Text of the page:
The Covedale Center for the Performing Arts, operated by Cincinnati Landmark Productions, gravitates toward audience-pleasing shows, a formula that clearly works for the theater. A few years ago, Covedale shows ran for three weeks; now they’re onstage for four because West Side Cincinnatians demanded more opportunities to attend.
The Covedale’s current production, Larry Shue’s The Foreigner, is a perfect example. The two-act comedy began as an Off-Broadway hit in 1984, and it’s become a staple of theaters over the past three decades because it guarantees audiences an evening of laughter.
The Foreigner is a well-oiled comic machine. Bashful Charlie Baker is in the dumps because his wife is ailing, so his cheerful friend “Froggy” LeSueur, a British demolition expert, coaxes him into traveling to a remote fishing lodge in rural Georgia to take his mind off his anxiety. But Charlie is painfully shy and hates to make conversation with strangers, so Froggy tells the lodge’s owner that he’s a “foreigner” who speaks no English.
Since no one thinks he understands what they’re saying, Charlie becomes privy to various scandals and secrets discussed by others at the lodge. Behind-the-scenes shenanigans become complicated and in several ways dangerously threatening, since a two-faced minister and his redneck associates plan to take ownership of the lodge. Further complications arise because the minister’s fiancée is pregnant. Ellard, a dim-witted young man, teaches Charlie (who’s actually British) to speak English; Charlie has to make up a gibberish language and act as if he’s totally unfamiliar with customary social behavior.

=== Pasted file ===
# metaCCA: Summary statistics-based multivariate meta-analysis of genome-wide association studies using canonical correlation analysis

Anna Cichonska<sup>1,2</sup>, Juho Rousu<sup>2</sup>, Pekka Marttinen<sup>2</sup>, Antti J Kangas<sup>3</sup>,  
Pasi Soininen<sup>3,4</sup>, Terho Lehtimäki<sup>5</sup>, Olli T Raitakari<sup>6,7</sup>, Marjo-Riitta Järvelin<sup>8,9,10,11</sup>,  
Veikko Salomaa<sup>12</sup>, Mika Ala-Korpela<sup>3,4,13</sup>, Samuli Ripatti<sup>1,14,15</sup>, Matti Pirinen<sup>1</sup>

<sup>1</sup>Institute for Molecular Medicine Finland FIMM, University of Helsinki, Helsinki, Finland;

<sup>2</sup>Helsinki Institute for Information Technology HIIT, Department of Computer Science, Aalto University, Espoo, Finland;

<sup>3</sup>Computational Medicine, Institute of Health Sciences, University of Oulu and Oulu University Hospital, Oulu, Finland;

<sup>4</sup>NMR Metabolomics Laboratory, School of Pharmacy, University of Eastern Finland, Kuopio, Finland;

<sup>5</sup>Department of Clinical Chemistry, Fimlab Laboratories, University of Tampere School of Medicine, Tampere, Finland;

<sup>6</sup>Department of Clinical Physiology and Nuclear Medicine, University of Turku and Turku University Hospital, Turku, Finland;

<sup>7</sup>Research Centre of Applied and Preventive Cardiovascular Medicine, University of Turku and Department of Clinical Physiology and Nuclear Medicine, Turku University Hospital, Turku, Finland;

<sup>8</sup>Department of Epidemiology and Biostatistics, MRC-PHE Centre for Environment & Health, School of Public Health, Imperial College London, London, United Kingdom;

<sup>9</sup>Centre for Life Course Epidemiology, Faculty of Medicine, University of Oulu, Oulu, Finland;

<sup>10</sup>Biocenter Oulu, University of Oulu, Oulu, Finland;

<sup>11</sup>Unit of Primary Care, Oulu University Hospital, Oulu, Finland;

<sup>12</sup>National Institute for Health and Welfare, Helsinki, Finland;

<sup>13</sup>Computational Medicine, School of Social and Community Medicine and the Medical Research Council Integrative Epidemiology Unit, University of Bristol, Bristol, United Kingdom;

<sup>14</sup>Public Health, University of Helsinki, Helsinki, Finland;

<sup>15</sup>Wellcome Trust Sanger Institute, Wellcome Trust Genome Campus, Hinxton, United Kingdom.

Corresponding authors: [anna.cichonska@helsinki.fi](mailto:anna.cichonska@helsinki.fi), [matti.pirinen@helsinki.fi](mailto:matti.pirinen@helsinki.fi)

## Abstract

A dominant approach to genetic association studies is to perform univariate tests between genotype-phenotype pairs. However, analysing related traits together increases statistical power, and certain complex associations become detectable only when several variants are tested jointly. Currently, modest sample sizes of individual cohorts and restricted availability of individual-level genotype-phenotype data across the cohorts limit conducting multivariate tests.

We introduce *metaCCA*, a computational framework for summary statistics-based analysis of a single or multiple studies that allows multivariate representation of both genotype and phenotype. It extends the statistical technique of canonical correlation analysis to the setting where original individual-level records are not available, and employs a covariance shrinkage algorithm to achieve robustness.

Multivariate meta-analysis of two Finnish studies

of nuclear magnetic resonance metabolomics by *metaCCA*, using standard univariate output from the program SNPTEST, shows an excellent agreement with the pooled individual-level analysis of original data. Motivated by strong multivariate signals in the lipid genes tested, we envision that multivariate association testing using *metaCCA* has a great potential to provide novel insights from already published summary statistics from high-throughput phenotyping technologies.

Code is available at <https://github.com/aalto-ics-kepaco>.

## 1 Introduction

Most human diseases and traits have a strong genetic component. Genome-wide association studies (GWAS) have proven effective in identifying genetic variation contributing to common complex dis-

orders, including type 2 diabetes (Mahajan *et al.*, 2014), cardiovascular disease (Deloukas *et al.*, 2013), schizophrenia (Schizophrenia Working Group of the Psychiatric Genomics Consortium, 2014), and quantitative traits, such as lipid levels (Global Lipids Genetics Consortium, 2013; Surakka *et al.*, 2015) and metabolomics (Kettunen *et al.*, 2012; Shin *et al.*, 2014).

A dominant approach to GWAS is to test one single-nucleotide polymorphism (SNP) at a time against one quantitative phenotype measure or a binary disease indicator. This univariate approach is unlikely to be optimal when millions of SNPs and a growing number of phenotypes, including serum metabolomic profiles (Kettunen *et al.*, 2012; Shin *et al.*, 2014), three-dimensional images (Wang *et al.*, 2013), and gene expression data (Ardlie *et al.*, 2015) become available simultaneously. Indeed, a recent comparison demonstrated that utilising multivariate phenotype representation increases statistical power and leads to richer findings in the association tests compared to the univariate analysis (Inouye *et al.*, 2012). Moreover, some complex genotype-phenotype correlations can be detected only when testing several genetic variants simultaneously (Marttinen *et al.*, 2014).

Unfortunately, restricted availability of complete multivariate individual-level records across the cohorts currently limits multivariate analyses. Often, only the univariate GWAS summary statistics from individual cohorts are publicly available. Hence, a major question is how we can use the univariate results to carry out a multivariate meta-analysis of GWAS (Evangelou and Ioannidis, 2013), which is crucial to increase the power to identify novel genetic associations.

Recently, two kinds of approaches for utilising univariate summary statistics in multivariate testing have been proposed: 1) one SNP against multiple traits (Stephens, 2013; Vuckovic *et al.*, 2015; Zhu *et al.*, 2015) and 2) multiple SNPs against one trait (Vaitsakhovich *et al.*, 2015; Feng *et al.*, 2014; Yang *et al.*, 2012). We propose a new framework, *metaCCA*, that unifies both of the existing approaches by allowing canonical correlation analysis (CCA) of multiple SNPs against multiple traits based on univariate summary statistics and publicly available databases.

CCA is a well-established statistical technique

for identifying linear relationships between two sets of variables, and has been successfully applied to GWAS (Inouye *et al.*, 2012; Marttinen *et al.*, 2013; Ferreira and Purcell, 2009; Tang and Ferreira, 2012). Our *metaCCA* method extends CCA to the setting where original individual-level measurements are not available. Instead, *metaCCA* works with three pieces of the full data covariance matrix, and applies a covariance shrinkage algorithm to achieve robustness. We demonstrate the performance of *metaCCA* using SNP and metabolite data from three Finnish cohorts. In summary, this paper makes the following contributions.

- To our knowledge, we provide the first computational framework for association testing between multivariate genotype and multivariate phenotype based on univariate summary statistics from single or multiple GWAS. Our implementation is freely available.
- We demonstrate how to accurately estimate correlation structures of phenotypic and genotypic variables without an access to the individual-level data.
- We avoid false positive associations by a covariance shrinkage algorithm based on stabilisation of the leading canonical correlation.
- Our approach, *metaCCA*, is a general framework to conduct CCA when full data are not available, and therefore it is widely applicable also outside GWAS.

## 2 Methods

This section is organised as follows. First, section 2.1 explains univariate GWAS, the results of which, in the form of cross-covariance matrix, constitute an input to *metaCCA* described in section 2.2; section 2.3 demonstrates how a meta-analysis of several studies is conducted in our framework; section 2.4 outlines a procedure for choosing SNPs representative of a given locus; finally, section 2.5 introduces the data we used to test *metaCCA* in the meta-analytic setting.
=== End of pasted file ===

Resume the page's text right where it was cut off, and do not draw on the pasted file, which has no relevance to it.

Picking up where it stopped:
The comic moments in The Foreigner come fast and furious, and audiences are never far from laugh-out-loud situations. Playing Charlie for Cincinnati Landmark Productions is veteran Rodger Pille, always a reliable performer in humorous roles. This production has been onstage since Oct. 20; it continues through Sunday — if tickets are still available.
Falcon Theater presents its shows at the Monmouth Theater, an intimate storefront in Newport, Ky. With less than 100 seats, it’s a much smaller operation than the 385-seat Covedale, but it still relies on strong ticket sales to make ends meet. It’s carved out its own unique niche in the local theater scene, mixing up tongue-in-cheek musical adaptations of horror films with more serious renditions of shows also rooted in film. Falcon has staged theatrical versions of well-known titles including In the Heat of the Night and One Flew Over the Cuckoo’s Nest. Last week it opened Dial M for Murder, a familiar title.
This one has been around even longer than The Foreigner. Dial M for Murder caught attention in 1954 as a thriller directed by Alfred Hitchcock, starring Grace Kelly and Ray Milland. In fact, it started life as a play by British writer Frederick Knott; it was presented on BBC television in 1952 and then was staged in London and on Broadway later the same year. (In New York it had 552 performances in a 15-month run.)
Tony, an ex-tennis pro, wants to get rid of his wife Margot, a wealthy socialite, so he can get his hands on her inheritance to finance his own comfortable lifestyle. He discovers she’s had an affair with a crime novelist and that seems to offer a perfect opportunity to kill her. He finds a likely murderer and tries to blackmail him into murdering the errant wife. There’s a whole lot of deceit as the groundwork is laid for a perfect crime. But guess what? Things go awry.
This show is a proven thriller. It’s frequently revived and has inspired several adaptations and renditions in other languages. It’s the kind of title that works well for Falcon Theater, bringing audiences into its intimate space and entertaining them. Dial M for Murder continues through Nov. 19.
These shows are theater staples that audiences have loved for years. If you want to be entertained, they’re a good bet.
CONTACT RICK PENDER: [email protected]